Common IRS Notices and Their Purpose

If you receive a notice in the mail from the IRS, don’t panic. A simple notice does not automatically mean you are under an audit. Actually, your chances of audit are slim.

However, the content of the notice is still important. Most IRS notices require a response quickly – typically 30 days. To respond appropriately, you must first understand what each notice means.

Here are some of the common IRS notices we see, and the reason why you might be receiving them:

Notice CP 14

Common Name: Balance Due Notice

What it Means: No one enjoys opening this notice. The IRS issues a CP 14 because you have underpaid your tax obligation. This is the first warning the IRS will send, and requires immediate action before things could get much worse. Consult with your tax preparer or CPA to determine if the claim is accurate, or was made in error. These professionals can recommend the appropriate response.

Notice CP 501

Common Name: Reminder Balance Due Notice

What it Means: If you fail to respond to Notice CP 14 in time, you will receive this notice. Responding quickly to balance due notices won’t reduce the amount you owe, or any relevant interest, but it could reduce the penalties. Notice CP 501 is the last “polite” reminder, and seizure of assets could begin after this notice is received.

Notice CP 504

Common Name – Final Balance Due Notice

What it Means: Commonly, if you are receiving this notice it is due to a balance that you cannot afford to pay. It is important to work with the IRS to set up a plan for repayment. If not, Notice CP 504 will arrive with 10 days before levies can begin getting applied to your accounts.

Notice CP 90/CP 297

Common Name: Intent to Levy and Right to a Hearing

What it Means: If you think of the previous notices as “Warning: Bridge Out Ahead” signs, Notice CP 90/CP 297 are the barricade before the ledge. In this notice, the IRS is taking control of your bank accounts and keeping you from accessing them. In these scenarios, it is always helpful to work with the IRS to the appropriate resolution.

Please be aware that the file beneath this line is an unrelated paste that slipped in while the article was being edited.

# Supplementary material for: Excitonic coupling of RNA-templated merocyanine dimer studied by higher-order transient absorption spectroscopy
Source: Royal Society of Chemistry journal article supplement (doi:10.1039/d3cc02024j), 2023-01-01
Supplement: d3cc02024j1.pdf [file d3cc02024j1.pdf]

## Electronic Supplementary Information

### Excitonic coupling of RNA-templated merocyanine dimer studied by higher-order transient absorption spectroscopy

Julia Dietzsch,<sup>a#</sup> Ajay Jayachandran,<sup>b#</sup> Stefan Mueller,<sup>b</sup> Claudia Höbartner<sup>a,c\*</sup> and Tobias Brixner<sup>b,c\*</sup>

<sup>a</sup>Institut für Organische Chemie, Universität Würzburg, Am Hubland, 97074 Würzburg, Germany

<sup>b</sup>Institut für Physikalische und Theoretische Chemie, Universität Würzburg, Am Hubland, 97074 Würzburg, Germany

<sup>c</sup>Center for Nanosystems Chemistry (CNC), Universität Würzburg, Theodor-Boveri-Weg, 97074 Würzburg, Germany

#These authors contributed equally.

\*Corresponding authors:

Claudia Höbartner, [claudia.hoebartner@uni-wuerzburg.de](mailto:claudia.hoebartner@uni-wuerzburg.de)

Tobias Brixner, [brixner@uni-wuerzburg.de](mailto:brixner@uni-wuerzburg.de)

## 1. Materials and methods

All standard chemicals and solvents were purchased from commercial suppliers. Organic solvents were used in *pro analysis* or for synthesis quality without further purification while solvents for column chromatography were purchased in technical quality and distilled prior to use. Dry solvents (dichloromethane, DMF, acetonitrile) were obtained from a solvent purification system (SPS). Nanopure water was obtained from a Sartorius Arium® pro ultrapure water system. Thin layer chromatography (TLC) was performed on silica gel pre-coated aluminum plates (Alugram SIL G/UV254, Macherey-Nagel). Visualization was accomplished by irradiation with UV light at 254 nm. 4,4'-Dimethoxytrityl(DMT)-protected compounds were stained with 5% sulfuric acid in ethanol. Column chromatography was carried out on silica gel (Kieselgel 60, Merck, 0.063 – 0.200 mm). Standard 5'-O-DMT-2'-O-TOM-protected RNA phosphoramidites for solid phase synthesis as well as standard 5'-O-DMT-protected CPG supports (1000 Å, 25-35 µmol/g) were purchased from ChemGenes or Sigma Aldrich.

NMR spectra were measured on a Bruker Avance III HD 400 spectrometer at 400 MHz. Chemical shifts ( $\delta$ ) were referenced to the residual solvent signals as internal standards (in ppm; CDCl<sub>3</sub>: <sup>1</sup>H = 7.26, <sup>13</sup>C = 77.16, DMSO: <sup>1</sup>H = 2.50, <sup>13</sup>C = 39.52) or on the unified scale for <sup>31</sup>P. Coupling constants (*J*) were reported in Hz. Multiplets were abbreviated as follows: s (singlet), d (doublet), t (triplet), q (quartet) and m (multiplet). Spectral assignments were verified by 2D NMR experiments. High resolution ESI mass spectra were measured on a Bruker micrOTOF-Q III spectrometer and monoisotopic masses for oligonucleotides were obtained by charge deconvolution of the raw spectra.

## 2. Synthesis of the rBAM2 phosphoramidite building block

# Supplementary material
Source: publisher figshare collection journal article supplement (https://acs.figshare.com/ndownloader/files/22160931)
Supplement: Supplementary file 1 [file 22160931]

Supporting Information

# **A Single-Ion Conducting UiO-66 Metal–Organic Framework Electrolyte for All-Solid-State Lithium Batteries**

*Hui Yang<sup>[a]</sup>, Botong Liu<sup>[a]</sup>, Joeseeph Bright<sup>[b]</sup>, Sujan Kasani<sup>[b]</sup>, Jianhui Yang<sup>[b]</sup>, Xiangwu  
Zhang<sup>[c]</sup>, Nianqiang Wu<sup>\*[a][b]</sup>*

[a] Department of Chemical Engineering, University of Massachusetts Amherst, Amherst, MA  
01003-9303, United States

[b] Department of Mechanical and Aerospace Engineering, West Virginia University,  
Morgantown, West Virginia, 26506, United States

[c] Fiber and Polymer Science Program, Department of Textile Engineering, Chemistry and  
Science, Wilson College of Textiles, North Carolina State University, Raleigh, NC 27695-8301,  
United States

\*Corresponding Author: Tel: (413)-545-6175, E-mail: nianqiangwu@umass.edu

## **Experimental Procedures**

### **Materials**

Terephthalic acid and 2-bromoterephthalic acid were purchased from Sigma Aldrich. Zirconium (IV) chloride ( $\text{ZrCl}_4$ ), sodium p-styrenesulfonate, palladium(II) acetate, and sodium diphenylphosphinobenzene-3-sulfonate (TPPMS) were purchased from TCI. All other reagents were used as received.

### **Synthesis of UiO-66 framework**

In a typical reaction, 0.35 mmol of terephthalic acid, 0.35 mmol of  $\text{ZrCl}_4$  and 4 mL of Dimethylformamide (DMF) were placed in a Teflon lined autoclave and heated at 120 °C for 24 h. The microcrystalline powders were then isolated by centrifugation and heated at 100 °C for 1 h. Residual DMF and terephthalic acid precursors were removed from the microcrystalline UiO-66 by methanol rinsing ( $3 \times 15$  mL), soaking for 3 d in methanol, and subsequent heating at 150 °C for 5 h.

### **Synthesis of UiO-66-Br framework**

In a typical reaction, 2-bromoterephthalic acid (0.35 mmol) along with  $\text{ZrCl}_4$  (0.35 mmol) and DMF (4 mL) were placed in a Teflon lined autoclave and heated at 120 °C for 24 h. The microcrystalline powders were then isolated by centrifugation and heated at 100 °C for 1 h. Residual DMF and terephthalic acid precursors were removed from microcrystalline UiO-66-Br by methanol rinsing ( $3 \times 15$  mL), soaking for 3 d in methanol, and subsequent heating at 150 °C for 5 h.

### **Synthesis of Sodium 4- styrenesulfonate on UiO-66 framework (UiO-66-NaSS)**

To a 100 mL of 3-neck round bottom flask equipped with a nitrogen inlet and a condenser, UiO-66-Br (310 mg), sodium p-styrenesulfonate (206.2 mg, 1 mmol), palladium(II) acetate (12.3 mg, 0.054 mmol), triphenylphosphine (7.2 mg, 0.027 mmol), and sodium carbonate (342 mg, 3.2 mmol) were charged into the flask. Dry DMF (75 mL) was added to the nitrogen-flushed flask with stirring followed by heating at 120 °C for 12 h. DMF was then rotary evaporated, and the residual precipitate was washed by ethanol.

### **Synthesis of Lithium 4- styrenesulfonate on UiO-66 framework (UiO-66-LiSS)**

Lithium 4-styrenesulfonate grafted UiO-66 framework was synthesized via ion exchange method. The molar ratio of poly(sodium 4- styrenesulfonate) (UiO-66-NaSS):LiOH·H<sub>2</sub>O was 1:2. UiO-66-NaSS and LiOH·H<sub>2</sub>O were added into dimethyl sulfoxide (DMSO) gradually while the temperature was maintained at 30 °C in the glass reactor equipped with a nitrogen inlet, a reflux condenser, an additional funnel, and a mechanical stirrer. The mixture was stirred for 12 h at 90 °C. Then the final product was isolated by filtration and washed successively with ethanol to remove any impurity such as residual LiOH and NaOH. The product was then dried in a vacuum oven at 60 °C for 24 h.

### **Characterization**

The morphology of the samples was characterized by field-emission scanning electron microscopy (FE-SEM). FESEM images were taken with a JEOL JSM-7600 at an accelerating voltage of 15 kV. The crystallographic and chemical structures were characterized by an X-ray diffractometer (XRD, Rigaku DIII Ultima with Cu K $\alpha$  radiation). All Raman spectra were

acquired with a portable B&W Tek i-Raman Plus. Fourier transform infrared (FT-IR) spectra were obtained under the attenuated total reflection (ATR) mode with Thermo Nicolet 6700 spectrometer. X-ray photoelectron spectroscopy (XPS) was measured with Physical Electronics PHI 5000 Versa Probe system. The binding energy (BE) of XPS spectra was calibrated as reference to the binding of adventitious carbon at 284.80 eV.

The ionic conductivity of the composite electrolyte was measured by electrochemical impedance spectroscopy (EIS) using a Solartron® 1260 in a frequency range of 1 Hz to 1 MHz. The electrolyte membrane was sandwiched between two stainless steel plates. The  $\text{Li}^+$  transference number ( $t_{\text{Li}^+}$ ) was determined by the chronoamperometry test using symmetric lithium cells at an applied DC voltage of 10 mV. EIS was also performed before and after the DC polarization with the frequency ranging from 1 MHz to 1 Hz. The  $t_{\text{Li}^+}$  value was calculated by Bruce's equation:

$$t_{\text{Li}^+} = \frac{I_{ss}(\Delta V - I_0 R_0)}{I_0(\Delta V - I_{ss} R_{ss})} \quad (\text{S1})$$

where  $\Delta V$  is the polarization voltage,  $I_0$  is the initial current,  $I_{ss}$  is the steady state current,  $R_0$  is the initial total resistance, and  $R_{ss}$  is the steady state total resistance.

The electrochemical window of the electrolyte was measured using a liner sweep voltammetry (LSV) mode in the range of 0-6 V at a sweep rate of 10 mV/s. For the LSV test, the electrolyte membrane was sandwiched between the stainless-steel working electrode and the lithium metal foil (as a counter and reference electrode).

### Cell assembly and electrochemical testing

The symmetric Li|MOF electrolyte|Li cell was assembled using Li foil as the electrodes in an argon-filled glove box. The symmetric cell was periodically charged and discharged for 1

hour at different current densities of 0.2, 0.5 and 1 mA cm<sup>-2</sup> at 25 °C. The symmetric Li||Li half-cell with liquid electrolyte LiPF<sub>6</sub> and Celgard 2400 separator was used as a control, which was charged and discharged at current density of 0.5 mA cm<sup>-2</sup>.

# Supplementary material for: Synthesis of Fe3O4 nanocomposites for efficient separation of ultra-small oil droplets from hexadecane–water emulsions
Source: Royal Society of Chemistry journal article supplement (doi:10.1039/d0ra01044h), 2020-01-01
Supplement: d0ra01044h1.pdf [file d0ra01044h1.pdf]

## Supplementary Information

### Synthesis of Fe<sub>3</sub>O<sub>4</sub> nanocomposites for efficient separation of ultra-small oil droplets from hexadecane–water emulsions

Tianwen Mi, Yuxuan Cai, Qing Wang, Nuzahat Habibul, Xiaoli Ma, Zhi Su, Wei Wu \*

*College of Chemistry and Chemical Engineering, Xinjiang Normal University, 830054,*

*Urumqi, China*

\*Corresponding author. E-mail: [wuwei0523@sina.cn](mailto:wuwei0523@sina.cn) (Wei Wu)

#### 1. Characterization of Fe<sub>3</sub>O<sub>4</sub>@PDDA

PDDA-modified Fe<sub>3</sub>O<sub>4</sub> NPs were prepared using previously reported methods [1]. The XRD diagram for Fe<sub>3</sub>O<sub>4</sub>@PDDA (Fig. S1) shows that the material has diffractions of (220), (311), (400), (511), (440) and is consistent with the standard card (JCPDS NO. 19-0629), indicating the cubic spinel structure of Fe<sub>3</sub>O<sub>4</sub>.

Notice CP 49

Common Name: Overpayment Notice

What it Means: Compared to other notices, CP 49 is much more pleasant. The IRS will send you this notice if you have overpaid on your tax requirement, and if they plan to attribute it to any additional taxes you might owe.

Notice CP 23

Common Name: Estimated Tax Discrepancy

What it Means: If you are a business owner who submits estimated tax payments, you will receive this notice if the payments you claimed differ from the amounts the IRS received. Correcting this notice requires submitting evidence, such as cancelled checks for estimated payments, to prove your case.

Audit Request Notice

Common Name: People call this many different things, none can be published.

What it Means: Something within your return or your financial picture has triggered suspicion from the IRS and they would like to examine your financial data closely. If you receive this notice, meet with your CPA immediately. You will likely need representation before the IRS, and someone who can watch over the audit process to ensure accuracy.

At Marietta, we understand receiving an envelope from the IRS is the cue for your heart to drop. Often, notices do not have to represent a catastrophic event in your financial future. With diligent action and a timely response, we can help clear up most IRS issues quickly and efficiently.

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